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he was learning english from the time we came about. i would chitchat with him in russian but he really kind of liked me at the beginning i think because i was a rush nest. but i remember once sitting with him towards the end of my time and he said russia has only been great when it was ruled by greatness. like peter the great. you want to say and you mean vladimir the great. and the secretary of state you can't do that. that would be rid but in fact he thinks he is reuniting the russian people and that instinct has let him to destroy all of the kind ofim to >>t:itutional strength. in the chance of him voluntarily stepping down is slim.
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the thing about regimes like that is there's all levels. you don't know that they are brittle until something happens. the only district that vladimir putin did not win in the fraudulent election was moscow. that tells you something about how he is viewed he's viewed in the city. let's talk about another country that joins russia.k sta democracy didn't break out and pull it. what do you think the state of democracy is in poland today. it is a story that we should try to emulate having institutions in place with what i call the democratic opening comes. solidarity and nation wide labor unions. have actually been underground from the declaration of martial arts. it had been sustained by the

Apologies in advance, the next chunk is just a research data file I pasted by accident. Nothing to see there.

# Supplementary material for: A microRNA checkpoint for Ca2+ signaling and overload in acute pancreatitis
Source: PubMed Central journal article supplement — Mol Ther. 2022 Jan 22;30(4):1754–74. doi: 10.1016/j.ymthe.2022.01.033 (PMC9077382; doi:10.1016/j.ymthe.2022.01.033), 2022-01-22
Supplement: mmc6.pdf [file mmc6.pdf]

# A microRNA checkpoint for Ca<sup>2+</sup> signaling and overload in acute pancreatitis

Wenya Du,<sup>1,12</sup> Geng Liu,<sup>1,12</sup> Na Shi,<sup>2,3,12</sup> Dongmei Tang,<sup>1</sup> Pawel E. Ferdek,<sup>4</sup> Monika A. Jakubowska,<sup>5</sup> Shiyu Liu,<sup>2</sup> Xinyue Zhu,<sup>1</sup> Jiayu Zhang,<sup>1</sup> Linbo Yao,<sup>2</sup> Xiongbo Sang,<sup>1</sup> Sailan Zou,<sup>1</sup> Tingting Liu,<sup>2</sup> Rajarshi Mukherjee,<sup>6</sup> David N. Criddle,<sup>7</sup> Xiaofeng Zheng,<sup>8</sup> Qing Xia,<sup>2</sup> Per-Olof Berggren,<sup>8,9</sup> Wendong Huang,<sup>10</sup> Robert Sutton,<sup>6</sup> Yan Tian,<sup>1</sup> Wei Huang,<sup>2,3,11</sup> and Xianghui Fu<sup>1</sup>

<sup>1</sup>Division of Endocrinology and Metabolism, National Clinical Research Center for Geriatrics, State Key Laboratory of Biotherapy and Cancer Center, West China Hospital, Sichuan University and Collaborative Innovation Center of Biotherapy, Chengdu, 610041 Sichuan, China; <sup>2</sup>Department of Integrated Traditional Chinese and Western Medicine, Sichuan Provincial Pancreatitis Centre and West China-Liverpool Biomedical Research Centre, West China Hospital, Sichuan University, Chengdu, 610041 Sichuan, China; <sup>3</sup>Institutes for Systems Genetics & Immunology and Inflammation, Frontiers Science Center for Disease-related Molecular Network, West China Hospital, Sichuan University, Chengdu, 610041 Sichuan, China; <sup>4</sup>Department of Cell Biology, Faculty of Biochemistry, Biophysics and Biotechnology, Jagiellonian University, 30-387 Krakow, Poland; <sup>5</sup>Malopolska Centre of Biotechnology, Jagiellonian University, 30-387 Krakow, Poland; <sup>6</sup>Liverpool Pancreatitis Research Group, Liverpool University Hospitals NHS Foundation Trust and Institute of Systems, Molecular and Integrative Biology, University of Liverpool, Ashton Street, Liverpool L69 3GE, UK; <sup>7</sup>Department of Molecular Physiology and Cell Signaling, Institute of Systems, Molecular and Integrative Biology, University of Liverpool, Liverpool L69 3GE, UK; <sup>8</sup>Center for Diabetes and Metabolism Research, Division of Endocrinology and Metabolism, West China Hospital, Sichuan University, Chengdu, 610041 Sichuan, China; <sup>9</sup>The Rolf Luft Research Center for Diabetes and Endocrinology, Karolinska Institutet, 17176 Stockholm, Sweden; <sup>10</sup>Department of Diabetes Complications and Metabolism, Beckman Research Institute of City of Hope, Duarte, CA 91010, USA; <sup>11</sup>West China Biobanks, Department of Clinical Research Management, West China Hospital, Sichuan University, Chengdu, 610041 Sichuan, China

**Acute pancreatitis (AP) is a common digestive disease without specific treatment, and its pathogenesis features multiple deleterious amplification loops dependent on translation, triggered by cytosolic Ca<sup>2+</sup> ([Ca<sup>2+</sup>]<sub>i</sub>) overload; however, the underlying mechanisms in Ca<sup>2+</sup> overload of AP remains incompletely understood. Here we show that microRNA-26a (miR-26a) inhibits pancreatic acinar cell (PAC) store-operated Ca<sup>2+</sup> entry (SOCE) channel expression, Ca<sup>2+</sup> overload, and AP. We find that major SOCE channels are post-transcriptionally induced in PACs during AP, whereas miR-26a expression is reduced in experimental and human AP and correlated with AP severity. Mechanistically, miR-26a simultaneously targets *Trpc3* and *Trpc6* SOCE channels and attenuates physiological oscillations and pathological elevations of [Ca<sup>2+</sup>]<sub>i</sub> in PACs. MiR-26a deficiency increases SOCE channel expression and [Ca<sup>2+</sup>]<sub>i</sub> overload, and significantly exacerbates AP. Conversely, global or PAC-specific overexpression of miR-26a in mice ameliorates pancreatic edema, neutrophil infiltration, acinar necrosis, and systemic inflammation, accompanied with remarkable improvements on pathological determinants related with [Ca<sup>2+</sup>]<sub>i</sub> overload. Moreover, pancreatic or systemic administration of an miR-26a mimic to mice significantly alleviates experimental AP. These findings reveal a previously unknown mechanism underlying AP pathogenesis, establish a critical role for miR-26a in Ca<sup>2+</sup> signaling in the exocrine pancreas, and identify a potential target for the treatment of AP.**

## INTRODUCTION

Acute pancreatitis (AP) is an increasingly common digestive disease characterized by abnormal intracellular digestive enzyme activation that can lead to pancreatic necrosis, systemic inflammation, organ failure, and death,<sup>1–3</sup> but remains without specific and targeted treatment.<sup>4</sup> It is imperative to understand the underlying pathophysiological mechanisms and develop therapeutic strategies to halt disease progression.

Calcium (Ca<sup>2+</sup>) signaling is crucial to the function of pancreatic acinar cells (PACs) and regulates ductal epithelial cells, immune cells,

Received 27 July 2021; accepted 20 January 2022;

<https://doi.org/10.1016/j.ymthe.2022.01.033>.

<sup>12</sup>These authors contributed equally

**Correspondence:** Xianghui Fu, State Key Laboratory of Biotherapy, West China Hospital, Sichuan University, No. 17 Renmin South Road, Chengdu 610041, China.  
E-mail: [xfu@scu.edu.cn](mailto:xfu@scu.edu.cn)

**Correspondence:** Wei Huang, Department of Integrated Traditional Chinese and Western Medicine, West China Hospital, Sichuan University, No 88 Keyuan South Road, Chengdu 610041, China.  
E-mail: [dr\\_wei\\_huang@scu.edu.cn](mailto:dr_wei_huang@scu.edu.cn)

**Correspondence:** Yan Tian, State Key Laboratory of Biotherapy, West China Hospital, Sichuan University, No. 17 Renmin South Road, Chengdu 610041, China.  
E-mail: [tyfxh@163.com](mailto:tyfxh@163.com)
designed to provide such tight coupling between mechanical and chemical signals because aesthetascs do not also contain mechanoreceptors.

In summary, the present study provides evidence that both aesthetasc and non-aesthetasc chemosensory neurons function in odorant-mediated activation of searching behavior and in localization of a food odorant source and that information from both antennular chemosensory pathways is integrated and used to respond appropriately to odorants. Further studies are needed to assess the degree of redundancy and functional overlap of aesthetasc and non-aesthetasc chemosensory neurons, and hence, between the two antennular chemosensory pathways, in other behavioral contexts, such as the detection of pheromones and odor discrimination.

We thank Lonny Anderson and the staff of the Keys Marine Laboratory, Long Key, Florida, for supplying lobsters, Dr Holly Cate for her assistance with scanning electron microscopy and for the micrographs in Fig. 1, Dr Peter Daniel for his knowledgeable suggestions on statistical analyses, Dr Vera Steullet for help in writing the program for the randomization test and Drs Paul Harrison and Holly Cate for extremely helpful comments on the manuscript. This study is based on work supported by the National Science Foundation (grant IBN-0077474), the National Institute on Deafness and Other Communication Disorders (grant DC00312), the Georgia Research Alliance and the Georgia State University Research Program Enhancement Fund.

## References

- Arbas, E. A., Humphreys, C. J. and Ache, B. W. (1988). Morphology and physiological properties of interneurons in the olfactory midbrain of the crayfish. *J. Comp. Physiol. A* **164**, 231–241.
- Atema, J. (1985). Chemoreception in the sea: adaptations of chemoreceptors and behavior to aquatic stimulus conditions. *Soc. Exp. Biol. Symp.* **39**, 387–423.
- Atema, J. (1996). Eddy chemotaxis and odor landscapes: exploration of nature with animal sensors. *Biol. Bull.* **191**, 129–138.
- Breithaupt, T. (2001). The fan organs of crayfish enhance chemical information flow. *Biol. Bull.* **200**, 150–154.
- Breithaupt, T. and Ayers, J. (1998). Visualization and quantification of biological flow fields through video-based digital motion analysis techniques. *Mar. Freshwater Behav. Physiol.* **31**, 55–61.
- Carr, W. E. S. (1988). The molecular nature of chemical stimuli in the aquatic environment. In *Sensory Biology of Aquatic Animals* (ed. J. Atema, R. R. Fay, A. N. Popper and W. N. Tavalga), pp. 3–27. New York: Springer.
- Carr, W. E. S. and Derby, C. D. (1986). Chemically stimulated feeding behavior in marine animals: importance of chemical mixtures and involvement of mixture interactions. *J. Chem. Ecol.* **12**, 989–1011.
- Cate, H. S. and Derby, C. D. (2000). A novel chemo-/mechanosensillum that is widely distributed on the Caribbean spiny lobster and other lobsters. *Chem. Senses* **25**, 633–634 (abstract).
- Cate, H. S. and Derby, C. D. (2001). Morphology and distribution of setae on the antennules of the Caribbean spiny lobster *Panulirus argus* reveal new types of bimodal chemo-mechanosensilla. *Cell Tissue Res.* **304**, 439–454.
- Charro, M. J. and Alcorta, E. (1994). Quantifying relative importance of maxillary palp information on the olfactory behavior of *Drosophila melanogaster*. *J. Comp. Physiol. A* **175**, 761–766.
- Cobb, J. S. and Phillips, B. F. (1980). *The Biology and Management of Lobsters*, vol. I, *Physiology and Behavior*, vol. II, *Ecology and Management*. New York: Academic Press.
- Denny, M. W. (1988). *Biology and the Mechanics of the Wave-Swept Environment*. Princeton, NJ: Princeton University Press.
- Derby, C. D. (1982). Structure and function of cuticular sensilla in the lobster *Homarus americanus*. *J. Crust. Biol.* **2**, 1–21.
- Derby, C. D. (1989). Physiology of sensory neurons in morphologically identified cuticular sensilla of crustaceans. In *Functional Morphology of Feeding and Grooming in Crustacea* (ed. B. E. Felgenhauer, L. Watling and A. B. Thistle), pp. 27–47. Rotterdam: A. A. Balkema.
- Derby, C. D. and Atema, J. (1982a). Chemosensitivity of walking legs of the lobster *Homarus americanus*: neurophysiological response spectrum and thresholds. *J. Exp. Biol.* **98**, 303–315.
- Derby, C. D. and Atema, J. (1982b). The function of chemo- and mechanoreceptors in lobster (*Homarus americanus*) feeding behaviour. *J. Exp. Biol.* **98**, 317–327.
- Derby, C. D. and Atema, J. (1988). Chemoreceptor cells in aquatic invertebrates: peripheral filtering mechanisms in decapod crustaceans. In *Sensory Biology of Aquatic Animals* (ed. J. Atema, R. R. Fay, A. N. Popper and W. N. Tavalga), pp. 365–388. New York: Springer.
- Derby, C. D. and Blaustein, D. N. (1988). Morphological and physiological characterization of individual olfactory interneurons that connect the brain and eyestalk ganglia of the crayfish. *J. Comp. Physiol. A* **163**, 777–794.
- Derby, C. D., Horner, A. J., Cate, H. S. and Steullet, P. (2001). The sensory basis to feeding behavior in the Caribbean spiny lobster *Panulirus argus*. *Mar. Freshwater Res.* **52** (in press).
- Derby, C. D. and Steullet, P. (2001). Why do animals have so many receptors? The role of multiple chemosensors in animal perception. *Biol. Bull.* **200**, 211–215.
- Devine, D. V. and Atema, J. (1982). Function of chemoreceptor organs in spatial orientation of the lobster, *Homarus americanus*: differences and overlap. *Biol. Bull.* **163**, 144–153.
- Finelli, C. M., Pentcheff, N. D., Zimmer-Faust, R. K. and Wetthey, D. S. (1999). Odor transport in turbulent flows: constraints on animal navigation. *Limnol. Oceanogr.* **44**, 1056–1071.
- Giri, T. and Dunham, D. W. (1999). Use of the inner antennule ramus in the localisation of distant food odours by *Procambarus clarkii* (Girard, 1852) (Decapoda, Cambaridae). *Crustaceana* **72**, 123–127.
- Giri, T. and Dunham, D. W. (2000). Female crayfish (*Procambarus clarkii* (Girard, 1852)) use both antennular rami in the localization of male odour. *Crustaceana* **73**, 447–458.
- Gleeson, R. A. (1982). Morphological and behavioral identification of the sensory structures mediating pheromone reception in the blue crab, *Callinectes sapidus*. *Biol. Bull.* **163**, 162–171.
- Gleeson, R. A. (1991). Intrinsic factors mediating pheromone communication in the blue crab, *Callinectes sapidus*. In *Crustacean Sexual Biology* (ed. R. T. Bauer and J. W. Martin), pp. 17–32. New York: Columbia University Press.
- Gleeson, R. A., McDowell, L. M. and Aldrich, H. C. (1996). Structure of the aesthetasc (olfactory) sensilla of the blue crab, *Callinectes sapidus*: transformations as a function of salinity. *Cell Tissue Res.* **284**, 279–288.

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vatican when the afl cio which was that labor union.ting t when they come to power in eastern europe breaks free poland already have the institutional infrastructure in place so that it was easier in poland than almost any place else. anyplace else. but now what we are seen in poland is that it is still a young democracy it has for the first time a very strong centralized executive you are seen an erosion of the independent judiciary and people are fighting back. civil society is immobilized on social media. with the law and justice party and the president actually ended up having to veto a lot